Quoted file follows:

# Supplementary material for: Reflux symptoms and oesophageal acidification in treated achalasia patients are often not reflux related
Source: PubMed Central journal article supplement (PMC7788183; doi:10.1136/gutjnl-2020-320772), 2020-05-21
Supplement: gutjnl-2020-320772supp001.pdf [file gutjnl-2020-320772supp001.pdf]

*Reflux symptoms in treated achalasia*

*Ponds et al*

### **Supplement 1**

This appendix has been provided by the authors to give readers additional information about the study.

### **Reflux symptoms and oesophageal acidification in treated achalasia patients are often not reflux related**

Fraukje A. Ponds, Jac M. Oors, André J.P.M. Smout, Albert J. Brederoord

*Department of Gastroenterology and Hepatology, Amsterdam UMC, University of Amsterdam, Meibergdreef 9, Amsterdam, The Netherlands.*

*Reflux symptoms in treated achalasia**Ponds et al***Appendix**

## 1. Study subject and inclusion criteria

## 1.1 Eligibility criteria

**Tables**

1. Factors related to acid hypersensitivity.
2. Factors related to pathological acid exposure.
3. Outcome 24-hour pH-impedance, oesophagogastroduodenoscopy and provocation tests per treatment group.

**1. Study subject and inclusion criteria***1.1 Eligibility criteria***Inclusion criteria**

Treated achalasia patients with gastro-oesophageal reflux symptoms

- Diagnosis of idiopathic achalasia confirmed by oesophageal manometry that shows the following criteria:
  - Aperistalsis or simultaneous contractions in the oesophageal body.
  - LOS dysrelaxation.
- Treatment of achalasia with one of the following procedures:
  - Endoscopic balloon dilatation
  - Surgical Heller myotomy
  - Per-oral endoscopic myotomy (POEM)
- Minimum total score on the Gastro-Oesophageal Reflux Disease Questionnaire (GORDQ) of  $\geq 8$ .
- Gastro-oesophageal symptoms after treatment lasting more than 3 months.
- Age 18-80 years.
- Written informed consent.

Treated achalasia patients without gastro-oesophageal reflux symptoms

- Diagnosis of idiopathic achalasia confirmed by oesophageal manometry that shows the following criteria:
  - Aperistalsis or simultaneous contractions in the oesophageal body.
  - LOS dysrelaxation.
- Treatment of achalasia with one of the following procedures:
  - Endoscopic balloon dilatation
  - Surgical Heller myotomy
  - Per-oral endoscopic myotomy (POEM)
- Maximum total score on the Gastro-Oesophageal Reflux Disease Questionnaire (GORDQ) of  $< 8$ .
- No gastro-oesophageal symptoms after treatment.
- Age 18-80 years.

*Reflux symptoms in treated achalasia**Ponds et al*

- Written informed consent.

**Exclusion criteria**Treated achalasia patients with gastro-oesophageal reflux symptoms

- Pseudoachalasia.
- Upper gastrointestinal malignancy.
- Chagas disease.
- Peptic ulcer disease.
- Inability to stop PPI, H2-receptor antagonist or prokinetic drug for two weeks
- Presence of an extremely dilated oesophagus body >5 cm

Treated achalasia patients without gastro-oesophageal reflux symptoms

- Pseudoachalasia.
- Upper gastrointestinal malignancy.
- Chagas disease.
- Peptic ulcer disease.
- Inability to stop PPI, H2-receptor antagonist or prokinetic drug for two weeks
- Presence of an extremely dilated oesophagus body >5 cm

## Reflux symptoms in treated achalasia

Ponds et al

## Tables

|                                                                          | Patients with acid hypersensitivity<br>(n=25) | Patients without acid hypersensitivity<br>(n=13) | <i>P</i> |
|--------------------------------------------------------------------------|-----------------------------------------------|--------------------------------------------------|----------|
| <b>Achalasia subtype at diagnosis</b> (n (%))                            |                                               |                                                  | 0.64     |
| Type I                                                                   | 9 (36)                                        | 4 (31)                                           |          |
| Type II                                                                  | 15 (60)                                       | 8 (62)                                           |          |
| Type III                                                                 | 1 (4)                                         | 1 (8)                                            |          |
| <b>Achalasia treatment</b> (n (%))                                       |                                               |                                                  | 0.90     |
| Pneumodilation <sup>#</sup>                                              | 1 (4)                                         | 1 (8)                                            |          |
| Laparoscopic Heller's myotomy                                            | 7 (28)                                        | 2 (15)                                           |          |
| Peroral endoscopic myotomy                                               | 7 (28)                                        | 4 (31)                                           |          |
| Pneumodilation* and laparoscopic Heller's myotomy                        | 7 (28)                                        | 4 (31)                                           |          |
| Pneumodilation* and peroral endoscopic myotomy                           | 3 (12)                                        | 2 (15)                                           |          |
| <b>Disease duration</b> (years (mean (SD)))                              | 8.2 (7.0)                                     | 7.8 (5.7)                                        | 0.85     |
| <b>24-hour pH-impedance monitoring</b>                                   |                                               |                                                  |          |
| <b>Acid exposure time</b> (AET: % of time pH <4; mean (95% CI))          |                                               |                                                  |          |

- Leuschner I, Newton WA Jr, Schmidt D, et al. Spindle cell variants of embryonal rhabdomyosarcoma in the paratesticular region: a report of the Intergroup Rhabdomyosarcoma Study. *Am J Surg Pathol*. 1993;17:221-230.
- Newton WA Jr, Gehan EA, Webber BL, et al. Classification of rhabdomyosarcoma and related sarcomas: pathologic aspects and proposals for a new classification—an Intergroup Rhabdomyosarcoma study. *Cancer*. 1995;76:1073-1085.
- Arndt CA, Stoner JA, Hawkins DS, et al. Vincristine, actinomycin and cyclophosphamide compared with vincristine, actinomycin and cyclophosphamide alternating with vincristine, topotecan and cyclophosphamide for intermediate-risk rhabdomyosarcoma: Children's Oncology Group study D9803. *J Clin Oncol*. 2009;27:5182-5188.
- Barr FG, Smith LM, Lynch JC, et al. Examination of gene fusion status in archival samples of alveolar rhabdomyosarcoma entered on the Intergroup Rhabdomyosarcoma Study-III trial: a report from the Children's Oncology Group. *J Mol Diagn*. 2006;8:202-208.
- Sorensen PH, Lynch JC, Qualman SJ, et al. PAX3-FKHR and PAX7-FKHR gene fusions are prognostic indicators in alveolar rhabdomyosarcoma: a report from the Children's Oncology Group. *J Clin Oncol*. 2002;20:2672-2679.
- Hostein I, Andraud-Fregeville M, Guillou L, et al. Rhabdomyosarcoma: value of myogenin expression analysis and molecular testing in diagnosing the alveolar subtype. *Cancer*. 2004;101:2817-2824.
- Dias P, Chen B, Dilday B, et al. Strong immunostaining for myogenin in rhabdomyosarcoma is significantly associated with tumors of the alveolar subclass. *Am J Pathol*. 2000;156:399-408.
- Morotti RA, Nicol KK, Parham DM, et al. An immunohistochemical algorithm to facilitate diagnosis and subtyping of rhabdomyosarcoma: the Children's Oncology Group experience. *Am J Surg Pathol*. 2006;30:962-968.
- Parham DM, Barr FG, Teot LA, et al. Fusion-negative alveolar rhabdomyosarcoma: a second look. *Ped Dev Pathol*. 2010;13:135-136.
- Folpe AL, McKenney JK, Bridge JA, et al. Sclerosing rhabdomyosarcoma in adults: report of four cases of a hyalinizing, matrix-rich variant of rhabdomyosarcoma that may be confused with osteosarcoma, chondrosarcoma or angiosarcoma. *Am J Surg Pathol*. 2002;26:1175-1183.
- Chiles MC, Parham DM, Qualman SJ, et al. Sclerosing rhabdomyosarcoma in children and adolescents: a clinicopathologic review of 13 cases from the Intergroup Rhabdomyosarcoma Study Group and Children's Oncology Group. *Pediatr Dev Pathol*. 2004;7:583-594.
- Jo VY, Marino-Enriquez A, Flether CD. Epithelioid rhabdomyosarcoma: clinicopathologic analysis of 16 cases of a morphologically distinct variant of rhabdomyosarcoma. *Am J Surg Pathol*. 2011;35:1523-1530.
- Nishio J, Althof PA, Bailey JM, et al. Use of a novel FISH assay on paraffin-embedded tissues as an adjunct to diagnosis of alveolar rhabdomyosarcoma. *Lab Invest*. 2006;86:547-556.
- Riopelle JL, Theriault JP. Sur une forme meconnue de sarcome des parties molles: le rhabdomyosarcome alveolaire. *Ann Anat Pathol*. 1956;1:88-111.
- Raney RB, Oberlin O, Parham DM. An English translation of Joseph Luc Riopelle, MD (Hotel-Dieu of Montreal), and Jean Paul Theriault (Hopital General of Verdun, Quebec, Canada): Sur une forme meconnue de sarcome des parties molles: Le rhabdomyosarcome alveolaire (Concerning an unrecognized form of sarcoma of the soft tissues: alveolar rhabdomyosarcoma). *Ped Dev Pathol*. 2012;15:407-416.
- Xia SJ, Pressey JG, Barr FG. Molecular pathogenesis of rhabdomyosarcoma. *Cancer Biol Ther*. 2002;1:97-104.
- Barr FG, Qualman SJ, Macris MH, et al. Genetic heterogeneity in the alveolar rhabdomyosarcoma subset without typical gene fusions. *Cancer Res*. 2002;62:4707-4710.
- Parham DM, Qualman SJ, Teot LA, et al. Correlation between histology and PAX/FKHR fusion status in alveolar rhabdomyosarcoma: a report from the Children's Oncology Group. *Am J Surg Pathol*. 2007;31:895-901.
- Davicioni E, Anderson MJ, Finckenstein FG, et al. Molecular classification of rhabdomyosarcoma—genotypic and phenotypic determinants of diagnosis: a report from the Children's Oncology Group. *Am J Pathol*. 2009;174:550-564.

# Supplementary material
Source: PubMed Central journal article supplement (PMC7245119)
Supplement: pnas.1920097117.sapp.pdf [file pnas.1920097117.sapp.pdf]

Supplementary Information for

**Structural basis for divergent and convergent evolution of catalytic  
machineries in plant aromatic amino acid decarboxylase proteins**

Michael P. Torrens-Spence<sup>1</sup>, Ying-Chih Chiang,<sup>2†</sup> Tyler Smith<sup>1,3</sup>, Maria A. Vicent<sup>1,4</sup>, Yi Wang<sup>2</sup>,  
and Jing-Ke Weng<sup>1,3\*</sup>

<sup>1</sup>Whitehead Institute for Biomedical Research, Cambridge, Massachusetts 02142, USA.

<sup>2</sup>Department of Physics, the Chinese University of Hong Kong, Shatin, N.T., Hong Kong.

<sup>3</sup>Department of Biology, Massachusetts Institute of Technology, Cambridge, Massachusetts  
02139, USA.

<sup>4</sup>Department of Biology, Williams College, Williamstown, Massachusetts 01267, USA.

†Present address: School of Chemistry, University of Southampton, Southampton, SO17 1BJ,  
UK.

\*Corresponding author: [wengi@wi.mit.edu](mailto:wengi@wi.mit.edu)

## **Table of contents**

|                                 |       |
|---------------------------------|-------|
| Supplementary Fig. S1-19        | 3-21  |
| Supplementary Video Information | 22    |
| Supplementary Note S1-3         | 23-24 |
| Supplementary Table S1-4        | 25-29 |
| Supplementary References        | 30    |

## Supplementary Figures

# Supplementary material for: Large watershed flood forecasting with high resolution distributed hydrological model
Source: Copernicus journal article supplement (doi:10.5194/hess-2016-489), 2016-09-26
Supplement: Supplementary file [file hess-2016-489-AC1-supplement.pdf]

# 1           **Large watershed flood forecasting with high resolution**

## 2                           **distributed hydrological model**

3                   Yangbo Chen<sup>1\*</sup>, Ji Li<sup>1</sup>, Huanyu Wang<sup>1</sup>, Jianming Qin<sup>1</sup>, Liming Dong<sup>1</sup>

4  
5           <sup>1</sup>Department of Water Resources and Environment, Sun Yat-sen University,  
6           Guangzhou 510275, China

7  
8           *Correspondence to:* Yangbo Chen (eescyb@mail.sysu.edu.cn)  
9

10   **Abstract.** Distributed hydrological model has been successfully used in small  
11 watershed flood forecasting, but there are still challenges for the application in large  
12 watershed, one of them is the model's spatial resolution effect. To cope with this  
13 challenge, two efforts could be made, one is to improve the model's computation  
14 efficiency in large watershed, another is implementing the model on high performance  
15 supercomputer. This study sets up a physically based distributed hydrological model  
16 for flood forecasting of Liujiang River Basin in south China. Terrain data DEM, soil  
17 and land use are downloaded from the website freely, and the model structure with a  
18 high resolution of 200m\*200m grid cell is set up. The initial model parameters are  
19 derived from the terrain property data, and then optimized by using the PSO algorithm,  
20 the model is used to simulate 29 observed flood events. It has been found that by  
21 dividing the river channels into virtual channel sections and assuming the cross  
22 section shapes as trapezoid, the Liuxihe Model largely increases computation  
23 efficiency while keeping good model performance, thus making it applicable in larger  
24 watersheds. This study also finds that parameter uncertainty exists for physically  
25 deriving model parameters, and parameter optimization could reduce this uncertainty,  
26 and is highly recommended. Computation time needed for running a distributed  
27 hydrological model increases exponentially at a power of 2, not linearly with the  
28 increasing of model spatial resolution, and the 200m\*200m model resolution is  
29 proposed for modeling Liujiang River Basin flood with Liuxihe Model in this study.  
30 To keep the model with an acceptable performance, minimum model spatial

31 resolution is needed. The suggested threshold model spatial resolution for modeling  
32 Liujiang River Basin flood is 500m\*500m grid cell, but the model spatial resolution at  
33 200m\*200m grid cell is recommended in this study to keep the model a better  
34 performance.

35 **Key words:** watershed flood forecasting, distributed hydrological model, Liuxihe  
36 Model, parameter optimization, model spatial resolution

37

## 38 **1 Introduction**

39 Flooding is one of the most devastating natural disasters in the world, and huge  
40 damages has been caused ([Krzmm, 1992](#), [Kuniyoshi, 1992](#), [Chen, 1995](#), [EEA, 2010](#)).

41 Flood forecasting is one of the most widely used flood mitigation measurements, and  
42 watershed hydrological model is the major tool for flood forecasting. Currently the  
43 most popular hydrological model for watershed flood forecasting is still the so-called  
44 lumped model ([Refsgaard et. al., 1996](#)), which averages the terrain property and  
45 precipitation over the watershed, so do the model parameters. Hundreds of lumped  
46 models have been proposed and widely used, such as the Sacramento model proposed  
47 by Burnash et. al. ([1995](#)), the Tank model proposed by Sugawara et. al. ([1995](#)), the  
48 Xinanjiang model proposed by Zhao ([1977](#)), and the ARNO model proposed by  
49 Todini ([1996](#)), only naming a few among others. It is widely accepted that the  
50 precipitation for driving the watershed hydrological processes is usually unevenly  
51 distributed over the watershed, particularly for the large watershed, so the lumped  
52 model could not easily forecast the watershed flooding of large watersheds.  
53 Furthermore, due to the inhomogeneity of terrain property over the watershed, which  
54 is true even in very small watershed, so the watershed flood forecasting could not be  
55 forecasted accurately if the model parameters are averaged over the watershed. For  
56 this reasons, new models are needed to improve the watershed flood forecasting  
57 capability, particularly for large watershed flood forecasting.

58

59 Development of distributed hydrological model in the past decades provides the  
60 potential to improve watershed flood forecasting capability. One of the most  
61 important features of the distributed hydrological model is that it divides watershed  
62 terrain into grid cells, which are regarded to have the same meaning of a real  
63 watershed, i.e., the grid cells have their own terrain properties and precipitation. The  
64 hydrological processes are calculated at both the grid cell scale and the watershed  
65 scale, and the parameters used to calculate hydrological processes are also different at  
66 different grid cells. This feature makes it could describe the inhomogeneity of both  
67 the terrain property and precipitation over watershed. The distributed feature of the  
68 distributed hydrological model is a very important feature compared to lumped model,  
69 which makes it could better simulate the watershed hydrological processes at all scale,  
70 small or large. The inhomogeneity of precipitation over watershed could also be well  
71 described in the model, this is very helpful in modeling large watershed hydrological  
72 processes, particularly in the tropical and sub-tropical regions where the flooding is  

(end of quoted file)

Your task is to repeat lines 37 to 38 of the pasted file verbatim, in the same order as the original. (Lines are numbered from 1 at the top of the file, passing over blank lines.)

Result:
  - Surgical Heller myotomy
  - Per-oral endoscopic myotomy (POEM)